# Distance measure between discrete distributions (that contains 0) and uniform

I'm trying to choose a district metric that falls between 0 to 1 and lets me compare the distance between a uniform probability distribution and any given probability distribution (could be random, could be uniform, could have all probability mass at one value, etc.).

How I've been computing distance currently is by basically computing the average L1-norm distance between each bin in the two distributions. However, I haven't been able to find any published metric that does this. It seems like similar to the total variation distance and the Hellinger distance, but neither of those average across the total number of bins. Averaging avoids weaknesses of total variation that occur when, for example, given a true distribution of Unif[0,1] total variation distance = 1 if my experimental distribution is Unif[0.1,1] or Unif[0.9,1] (discretized into 10 bins). If I average, I get a distance near 0 for Unif[0,1] and closer to 1 for Unif[0.9,1].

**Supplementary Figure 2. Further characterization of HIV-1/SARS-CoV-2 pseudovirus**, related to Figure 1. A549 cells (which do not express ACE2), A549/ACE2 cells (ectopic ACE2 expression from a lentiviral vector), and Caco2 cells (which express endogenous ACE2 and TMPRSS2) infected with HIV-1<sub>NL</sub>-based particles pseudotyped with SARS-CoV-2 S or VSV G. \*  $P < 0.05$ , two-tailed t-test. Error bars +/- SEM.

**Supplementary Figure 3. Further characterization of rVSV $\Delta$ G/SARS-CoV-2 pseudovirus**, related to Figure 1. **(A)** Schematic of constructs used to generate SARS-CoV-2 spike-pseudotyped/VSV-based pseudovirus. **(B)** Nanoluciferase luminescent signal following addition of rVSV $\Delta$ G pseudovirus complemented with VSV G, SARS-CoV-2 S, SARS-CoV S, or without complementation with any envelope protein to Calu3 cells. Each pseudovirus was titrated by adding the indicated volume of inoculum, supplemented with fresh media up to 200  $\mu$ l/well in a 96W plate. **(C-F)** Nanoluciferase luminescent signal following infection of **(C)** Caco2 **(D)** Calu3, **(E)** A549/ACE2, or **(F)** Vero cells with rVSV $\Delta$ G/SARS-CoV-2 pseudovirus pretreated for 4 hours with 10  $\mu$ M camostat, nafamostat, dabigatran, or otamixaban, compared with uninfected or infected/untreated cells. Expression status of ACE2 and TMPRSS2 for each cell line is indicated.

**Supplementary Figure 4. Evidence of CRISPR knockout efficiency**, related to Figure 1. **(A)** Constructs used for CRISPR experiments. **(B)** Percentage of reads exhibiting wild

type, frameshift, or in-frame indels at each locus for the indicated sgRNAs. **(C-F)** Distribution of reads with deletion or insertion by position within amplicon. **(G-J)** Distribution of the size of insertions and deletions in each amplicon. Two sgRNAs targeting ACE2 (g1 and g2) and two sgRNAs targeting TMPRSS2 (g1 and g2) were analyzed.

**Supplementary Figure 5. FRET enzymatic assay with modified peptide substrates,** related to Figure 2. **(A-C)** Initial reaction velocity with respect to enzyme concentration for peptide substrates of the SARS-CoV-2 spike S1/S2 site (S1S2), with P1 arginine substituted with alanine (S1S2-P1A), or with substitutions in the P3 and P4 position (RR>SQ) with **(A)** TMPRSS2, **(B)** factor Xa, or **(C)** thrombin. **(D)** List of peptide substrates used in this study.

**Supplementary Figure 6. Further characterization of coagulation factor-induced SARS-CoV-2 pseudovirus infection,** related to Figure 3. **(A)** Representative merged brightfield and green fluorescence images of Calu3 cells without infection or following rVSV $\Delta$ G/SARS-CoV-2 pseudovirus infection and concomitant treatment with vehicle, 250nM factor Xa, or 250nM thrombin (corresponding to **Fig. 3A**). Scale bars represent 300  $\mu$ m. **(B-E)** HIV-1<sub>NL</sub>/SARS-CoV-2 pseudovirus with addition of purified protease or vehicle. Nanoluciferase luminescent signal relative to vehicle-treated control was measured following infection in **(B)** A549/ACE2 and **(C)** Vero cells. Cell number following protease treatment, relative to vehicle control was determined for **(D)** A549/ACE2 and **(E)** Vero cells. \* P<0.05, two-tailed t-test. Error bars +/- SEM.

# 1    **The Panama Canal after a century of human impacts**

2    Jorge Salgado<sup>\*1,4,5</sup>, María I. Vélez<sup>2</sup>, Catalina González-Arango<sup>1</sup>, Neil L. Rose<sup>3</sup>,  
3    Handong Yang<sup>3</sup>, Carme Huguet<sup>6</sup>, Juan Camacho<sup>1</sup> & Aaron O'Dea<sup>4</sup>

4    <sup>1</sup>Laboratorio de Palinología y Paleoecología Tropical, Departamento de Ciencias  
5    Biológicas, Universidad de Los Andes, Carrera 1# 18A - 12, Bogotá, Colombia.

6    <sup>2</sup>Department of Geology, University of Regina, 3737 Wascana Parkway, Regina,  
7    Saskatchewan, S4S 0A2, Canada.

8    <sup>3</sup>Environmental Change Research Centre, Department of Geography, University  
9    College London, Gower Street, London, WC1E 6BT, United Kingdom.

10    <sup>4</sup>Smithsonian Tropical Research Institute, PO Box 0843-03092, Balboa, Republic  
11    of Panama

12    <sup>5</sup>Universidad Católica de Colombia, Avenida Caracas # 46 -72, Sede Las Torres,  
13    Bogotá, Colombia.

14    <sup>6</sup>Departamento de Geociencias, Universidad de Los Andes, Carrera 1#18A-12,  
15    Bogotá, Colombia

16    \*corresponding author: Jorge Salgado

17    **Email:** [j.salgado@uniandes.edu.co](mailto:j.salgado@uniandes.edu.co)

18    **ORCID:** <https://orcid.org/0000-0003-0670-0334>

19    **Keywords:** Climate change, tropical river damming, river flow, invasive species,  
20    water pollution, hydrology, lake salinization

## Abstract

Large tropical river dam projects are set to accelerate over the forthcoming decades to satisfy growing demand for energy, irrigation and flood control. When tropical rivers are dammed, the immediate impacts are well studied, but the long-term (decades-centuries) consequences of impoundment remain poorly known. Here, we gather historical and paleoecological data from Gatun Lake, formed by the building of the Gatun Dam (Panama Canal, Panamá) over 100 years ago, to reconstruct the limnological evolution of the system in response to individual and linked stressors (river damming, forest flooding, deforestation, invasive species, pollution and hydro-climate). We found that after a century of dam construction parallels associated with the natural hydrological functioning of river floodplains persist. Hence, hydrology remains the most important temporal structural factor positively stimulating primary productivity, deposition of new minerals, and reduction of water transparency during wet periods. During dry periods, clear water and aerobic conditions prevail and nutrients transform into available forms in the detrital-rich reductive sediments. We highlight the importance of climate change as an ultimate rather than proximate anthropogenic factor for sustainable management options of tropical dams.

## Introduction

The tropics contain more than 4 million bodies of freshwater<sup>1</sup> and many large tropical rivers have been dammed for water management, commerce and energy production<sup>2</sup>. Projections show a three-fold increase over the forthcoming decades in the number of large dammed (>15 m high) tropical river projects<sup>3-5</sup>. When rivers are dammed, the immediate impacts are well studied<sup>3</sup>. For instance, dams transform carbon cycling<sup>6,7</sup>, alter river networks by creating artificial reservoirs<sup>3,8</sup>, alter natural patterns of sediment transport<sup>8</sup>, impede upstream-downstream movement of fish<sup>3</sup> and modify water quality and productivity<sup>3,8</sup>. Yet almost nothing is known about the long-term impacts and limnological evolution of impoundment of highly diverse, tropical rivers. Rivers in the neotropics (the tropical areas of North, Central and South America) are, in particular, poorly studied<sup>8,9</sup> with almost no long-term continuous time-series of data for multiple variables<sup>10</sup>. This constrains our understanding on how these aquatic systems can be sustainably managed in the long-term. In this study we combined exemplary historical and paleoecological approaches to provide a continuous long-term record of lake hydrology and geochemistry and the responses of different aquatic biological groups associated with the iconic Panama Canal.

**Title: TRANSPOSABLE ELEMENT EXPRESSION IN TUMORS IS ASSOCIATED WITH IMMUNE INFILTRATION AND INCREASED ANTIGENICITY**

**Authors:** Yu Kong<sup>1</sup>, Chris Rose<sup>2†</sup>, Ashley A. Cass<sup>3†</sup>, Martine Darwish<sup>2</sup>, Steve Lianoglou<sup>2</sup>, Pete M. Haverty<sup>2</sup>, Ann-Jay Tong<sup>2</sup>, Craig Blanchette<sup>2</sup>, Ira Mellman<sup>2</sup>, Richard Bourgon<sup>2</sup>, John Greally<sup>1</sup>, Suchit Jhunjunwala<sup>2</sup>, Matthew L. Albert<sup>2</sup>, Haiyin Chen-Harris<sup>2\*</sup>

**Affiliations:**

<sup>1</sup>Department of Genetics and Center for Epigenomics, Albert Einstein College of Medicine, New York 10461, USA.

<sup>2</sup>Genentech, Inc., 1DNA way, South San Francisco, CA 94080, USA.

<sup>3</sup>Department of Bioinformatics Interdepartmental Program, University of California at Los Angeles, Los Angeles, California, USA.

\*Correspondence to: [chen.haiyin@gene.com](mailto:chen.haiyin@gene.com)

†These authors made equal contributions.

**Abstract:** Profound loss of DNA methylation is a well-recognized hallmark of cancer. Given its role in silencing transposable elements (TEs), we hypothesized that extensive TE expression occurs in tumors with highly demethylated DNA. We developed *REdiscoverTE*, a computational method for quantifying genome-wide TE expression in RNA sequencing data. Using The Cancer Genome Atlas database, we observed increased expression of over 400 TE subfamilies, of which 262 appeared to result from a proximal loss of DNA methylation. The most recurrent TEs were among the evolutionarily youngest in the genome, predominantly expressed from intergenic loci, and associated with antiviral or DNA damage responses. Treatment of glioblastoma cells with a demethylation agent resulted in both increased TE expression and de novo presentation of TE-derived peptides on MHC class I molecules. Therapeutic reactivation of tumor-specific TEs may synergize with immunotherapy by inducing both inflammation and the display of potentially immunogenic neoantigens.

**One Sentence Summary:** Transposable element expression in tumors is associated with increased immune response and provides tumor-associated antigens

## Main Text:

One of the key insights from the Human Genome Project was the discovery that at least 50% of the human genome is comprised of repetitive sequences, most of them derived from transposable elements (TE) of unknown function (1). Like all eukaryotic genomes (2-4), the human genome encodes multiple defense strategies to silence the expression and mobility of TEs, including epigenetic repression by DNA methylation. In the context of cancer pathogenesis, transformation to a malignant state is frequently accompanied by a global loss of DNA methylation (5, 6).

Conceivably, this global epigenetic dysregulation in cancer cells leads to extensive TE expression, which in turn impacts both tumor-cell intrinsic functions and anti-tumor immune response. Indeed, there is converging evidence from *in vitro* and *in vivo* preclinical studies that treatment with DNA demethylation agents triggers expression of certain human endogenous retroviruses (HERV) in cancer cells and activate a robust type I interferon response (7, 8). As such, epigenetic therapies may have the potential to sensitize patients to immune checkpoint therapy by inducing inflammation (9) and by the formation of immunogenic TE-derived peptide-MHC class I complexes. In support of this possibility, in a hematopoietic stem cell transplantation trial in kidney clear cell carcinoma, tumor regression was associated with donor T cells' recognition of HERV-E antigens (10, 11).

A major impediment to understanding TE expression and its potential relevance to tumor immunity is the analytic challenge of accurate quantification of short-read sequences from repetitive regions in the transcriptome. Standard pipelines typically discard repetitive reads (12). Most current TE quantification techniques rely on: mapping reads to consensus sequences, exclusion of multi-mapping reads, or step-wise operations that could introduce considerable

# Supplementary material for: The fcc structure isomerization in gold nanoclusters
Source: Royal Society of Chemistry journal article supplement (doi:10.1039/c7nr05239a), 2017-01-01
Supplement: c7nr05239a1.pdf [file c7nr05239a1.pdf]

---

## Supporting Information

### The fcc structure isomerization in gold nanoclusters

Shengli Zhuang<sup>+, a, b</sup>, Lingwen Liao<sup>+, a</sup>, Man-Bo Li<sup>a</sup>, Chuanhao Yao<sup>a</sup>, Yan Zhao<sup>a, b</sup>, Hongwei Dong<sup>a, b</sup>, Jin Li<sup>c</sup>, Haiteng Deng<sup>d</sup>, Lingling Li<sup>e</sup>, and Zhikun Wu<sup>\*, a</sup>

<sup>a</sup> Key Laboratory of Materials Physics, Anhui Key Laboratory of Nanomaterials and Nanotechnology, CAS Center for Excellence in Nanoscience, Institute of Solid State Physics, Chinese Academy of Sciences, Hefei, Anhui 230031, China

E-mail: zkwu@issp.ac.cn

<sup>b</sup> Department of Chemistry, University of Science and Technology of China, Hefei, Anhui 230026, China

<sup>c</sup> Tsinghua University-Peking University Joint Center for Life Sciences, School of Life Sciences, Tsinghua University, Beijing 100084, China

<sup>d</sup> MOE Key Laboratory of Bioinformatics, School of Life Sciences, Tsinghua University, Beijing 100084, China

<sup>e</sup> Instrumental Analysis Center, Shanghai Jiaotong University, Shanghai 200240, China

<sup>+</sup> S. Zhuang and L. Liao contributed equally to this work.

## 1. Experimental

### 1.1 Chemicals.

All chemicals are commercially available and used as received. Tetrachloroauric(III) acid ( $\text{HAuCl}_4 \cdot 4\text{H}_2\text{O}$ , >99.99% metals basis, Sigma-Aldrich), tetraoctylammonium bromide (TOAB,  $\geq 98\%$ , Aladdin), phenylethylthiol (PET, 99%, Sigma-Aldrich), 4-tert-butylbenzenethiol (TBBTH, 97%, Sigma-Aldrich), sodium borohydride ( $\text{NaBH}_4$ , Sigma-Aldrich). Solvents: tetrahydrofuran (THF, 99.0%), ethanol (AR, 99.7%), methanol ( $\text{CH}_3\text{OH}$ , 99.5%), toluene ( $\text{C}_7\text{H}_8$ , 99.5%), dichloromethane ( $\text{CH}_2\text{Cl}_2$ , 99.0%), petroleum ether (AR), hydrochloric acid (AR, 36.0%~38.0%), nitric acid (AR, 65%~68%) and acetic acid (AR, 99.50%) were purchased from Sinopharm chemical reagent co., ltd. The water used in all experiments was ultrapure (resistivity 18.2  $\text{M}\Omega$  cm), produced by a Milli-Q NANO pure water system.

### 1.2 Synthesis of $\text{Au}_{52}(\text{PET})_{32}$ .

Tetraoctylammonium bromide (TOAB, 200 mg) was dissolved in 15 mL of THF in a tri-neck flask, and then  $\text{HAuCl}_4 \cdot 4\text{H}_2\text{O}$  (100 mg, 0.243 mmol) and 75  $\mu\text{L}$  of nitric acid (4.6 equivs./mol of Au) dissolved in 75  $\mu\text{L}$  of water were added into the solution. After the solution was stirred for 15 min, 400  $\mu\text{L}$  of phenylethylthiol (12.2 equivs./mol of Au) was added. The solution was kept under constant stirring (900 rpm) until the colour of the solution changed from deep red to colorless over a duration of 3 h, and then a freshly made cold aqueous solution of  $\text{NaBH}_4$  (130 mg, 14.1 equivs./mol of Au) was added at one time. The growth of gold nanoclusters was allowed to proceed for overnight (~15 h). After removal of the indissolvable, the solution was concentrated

Jenson-Shannon divergence or chi-squared seem like they could work, but I'm not sure how to choose.

The Wasserstein metric could work, but since it's not between 0 to 1, it'll make comparing distributions across different distances difficult (e.g., for a different scenario my true distribution might be Unif[0,5] with 50 instead of 10 bins).

I would appreciate if someone could 1) point me to a metric that's the average L1 distance between histogram indices (or tell me why this is a poor choice), and 2) Help me figure out how to choose between the above metrics (or point me to intuitive discussions of how to choose between them -- the mostly measure theory based papers I've found comparing the metrics unfortunately don't give me intuition on which to choose for my problem).

• What do you mean by a "district metric"? – whuber Oct 15 '17 at 14:37
• I think "district metric" is a typo and they meant "distance metric". – dennisobrien Aug 8 '18 at 21:00

• There are many distance measures that do not impose such a requirement. For instance, the $L^p$ distance between the two distribution functions is always available, regardless of the essential support of the measures. By definition, the probability of any interval can be computed for any distribution. Under a Uniform$(0.1,1)$ distribution, for instance, the probability of $[0.01,0.09]$ is zero. – whuber Nov 6 '18 at 17:40